Muriel Protzer is a policy analyst for B.C. and Alberta with the Canadian Federation of Independent Business

Muriel Protzer is a policy analyst for B.C. and Alberta with the Canadian Federation of Independent Business

COLUMN: Avoid the online temptation and buy local

Muriel Protzer is a policy analyst with the Canadian Federation of Independent Business

Nothing says season’s greetings more than a warm chai latte, the smell of peppermint oil in a diffuser, and targeted advertisements.

I’m sure you have noticed the countless ads, each one blaring at the top of its lungs,“The biggest sale you can’t afford to miss!”

And I get it. They’re eye-catching. The adrenaline rush from clicking “order now” is so strong, we often forget to even consider where our money is going (hint: big international corporations).

Shopping online can be addictively convenient, but it hurts local retailers more than you may think.

It’s called showrooming. It’s the act of visiting a local business, getting expert advice from the employees, maybe even snapping a picture so you don’t forget, and intentionally walking away to order the same or similar item online to save a few dollars.

If this sounds familiar, you’re not alone. A recent survey conducted among members of the Angus Reid forum suggests 55 per cent of Canadians admit to showrooming.

My generation is particularly guilty of this, with three out of four shoppers ages 18 to 34 reporting that they showroom. While it may save you a few bucks (or maybe not – sometimes the flashy sale is just a façade, and don’t forget import tariffs, shipping and other hidden fees), it’s having a major impact on local businesses.

Almost two-thirds of independent retailers suspect they have had customers come in to check out an item only to go home and buy it online. Nearly all of those businesses indicate it has affected their sales, with a third saying it’s been significant. Every dollar that ends up with a big online corporation isn’t just leaving our local economy, it’s leaving our community.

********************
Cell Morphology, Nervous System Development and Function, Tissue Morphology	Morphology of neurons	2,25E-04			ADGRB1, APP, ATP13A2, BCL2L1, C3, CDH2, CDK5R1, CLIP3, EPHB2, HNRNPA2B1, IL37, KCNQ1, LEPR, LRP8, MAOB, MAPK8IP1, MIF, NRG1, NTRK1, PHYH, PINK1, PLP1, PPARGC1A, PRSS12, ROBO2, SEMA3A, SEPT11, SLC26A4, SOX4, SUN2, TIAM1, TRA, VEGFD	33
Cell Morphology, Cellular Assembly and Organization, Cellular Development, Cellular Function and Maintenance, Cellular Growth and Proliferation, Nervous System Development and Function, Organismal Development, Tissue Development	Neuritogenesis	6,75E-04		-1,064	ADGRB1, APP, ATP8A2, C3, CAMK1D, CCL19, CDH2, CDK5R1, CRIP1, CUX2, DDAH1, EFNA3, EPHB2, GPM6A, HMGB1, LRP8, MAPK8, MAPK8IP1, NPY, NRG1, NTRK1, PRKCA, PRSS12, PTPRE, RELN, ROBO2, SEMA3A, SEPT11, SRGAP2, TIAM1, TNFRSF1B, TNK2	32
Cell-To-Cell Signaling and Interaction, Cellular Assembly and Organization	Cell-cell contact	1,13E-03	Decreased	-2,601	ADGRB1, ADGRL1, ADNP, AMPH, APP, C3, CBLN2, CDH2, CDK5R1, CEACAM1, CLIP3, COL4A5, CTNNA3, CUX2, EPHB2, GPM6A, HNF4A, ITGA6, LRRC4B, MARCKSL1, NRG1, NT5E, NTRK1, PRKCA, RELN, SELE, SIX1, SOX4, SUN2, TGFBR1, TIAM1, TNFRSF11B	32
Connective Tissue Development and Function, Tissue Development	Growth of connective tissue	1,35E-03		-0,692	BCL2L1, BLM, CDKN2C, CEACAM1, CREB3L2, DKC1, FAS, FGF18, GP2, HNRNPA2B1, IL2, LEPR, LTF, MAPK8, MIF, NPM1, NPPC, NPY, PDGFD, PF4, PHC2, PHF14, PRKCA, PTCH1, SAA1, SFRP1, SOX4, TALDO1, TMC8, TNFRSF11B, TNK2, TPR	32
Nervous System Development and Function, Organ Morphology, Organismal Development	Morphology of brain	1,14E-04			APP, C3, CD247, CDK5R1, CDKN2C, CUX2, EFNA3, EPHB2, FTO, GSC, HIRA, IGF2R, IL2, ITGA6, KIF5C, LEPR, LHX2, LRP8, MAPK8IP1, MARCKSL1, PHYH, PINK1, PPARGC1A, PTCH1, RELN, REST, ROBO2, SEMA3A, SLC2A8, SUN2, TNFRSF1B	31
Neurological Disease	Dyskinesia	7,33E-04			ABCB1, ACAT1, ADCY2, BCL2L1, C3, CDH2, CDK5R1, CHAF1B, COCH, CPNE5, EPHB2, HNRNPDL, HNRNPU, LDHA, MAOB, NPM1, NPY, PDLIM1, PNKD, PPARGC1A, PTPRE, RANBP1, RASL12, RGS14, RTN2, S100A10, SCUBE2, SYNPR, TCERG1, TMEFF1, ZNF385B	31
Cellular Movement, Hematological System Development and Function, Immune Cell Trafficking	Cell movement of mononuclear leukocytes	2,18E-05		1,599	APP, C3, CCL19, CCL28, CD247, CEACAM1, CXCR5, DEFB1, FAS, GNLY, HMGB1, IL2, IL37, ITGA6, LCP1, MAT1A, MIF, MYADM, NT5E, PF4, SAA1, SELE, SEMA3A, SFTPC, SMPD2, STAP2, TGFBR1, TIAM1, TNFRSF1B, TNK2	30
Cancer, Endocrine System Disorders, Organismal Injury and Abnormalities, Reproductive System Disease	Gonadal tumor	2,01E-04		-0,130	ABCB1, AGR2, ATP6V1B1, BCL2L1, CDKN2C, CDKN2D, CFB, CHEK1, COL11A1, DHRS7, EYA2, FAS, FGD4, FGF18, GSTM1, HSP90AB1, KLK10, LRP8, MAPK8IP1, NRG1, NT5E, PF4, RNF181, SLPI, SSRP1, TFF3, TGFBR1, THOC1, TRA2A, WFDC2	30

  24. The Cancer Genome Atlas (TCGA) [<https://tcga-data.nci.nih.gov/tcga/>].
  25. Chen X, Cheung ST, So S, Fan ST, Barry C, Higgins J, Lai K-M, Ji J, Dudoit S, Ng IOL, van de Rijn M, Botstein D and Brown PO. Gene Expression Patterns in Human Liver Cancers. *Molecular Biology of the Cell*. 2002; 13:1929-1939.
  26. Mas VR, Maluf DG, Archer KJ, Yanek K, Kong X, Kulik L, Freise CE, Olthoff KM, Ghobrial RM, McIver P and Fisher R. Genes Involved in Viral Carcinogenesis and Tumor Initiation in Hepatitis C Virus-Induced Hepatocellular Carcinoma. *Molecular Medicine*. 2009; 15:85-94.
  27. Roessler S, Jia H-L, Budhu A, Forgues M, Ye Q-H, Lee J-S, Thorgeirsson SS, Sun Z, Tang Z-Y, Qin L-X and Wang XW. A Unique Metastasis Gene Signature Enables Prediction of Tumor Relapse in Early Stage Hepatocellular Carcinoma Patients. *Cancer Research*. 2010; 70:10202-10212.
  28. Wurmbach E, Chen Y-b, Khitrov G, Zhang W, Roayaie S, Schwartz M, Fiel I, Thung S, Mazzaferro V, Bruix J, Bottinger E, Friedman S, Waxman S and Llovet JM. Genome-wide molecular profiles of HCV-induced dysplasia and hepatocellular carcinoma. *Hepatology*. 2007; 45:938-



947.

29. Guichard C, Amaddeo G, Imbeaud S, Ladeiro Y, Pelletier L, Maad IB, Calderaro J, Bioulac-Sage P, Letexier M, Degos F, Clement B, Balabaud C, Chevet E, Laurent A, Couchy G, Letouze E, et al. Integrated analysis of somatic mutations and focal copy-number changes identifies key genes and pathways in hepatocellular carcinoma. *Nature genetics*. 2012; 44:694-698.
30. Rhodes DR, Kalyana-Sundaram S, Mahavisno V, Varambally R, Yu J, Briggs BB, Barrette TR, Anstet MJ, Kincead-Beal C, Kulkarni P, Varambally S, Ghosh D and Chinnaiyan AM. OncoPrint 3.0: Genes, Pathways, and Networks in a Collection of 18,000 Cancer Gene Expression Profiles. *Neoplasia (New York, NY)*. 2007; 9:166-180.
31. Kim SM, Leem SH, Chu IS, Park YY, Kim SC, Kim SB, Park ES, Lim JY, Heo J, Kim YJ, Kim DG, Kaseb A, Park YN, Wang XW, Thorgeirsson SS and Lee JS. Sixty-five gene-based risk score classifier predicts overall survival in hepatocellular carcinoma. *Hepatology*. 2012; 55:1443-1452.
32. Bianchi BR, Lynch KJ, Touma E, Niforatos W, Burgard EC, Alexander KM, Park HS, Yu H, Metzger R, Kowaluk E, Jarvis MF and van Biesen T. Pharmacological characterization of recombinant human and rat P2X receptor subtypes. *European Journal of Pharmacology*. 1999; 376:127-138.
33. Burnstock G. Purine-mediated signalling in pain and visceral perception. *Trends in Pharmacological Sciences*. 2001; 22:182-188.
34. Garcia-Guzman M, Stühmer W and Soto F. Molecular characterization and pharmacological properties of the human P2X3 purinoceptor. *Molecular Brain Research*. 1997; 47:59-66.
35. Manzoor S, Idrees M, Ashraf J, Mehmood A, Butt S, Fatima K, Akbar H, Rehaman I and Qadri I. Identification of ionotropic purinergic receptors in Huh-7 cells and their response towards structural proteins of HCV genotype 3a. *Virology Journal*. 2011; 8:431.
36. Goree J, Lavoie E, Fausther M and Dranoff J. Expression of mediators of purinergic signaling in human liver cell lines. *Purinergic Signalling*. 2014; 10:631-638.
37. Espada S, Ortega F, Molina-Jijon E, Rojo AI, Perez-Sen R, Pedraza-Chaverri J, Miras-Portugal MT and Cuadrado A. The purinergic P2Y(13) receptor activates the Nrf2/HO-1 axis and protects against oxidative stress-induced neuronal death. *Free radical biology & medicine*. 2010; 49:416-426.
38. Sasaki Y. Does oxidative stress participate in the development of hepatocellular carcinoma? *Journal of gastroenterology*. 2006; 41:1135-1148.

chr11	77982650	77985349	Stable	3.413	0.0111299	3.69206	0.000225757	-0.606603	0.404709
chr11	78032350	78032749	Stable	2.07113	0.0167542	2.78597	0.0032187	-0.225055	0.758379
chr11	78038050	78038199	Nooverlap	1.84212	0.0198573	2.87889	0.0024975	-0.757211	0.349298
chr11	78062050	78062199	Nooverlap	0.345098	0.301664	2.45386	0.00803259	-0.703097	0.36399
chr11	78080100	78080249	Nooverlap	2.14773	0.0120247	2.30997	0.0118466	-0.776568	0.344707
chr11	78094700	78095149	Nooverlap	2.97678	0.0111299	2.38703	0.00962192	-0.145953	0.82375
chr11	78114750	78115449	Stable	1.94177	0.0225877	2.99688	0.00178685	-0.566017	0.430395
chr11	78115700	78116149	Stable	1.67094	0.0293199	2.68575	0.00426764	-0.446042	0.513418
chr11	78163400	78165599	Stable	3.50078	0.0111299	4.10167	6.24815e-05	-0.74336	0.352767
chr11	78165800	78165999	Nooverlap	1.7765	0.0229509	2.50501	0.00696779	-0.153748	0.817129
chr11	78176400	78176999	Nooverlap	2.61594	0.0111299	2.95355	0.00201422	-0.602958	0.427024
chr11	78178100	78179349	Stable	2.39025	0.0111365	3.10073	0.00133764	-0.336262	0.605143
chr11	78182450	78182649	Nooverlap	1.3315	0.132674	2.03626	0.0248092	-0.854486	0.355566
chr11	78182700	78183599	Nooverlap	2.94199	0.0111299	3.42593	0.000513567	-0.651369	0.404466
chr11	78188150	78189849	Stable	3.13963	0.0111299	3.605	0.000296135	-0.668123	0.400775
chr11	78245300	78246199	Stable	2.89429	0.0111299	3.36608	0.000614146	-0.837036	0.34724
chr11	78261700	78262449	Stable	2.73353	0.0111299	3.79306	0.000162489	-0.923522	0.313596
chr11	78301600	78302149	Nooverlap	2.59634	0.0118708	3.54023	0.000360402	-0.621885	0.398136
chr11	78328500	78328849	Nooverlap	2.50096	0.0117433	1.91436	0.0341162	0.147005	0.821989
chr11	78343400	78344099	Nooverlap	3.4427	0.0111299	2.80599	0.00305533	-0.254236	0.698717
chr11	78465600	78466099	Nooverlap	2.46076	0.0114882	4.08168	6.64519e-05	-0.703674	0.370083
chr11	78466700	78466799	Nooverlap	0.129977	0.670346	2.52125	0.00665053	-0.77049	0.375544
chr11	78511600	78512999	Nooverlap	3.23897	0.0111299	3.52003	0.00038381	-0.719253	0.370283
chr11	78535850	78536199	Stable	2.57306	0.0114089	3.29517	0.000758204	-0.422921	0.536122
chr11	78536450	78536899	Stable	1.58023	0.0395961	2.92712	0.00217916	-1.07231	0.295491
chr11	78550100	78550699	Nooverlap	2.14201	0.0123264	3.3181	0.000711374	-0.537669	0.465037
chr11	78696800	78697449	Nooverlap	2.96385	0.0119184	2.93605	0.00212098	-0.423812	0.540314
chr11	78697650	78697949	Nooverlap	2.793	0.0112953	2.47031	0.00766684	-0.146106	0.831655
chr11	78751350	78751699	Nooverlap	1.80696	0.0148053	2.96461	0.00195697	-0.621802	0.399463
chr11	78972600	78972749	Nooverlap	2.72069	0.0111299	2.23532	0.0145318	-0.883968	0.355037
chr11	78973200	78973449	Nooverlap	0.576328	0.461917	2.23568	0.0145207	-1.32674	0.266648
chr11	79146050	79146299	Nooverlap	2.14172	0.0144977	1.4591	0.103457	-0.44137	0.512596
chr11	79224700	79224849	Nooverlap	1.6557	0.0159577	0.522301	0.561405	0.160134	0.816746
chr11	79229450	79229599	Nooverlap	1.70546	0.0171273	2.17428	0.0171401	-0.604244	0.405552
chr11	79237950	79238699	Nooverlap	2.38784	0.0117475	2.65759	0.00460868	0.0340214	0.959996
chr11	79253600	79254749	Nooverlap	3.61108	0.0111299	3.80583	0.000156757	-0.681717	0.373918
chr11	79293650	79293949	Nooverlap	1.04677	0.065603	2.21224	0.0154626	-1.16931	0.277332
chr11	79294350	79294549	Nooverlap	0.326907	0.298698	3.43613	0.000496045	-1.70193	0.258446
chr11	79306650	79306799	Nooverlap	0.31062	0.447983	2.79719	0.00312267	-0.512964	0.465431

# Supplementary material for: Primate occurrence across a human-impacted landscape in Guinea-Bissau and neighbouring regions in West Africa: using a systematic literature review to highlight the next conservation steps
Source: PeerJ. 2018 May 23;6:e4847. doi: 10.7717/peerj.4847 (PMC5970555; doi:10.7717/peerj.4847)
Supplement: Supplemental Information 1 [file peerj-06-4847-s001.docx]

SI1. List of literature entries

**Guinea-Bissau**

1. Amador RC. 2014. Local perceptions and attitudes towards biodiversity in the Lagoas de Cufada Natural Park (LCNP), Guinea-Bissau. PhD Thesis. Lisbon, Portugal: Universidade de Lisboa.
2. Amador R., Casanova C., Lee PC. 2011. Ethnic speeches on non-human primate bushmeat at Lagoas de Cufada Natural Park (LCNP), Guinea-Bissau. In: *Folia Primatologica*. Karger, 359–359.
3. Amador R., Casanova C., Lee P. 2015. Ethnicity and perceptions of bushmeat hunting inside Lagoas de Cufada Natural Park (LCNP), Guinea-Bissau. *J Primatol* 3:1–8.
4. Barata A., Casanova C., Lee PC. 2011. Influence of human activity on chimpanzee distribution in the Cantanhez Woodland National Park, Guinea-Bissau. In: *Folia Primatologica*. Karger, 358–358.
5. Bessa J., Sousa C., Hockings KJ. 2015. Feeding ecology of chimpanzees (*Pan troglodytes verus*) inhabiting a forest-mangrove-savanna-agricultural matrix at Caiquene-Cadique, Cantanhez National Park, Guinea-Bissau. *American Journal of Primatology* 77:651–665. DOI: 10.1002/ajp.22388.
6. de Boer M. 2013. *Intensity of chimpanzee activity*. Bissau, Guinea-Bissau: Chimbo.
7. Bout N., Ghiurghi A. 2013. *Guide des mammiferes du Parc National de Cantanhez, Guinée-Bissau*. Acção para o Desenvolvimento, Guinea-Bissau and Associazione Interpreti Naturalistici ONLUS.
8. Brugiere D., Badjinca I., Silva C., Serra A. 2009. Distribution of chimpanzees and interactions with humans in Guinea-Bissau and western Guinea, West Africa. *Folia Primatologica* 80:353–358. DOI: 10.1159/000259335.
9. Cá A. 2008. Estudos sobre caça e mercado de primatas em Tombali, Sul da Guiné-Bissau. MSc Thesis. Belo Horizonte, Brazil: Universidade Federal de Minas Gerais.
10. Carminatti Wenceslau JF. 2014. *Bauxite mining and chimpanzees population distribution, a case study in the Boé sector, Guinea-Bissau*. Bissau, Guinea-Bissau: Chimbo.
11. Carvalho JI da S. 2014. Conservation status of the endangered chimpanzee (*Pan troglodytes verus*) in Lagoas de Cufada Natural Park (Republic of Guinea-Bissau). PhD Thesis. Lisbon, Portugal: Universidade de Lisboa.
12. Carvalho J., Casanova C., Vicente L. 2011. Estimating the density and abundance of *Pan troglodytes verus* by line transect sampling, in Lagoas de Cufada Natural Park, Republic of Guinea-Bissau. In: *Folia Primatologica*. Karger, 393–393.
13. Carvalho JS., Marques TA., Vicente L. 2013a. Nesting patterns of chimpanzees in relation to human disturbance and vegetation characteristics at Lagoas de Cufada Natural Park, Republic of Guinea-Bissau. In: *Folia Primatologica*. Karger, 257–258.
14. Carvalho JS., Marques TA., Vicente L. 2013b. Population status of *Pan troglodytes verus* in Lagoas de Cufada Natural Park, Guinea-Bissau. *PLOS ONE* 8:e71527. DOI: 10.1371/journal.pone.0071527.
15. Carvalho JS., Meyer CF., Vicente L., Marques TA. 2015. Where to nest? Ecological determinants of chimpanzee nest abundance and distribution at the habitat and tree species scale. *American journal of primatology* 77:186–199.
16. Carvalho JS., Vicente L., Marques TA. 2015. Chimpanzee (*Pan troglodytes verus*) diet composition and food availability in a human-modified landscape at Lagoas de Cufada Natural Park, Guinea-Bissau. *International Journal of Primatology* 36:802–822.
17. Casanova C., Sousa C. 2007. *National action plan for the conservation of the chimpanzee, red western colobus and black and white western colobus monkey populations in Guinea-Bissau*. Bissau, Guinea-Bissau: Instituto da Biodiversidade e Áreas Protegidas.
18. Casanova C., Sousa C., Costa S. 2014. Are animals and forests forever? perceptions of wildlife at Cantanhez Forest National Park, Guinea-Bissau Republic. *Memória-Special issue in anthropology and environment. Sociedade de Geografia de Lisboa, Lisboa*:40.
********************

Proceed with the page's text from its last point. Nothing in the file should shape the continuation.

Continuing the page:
Your neighborhood businesses support local jobs, donate to local charities, and sponsor or host local events like a Santa Claus parade or a winter market offering locally made goods.

Local businesses also offer you, the buyer, a much more personalized shopping experience, greater product knowledge, and unique product selection. These things don’t come with a price tag. Increasingly, consumers are trying to get the best of both worlds: Amazon prices with small business’s expertise.

READ MORE: How one B.C. thrift shop is connected to a small island in the Philippines

Those benefits start to disappear the more we buy online. The deals online may be tempting, but instead of waiting for two-to five-day delivery (because who actually pays for same-day shipping?), try exploring the options at your neighborhood’s original same-day-delivery dealers, your independent businesses. When you shop local, your community is better off for it.

Muriel Protzer is a policy analyst for B.C. and Alberta with the Canadian Federation of Independent Business

Like us on Facebook and follow us on Twitter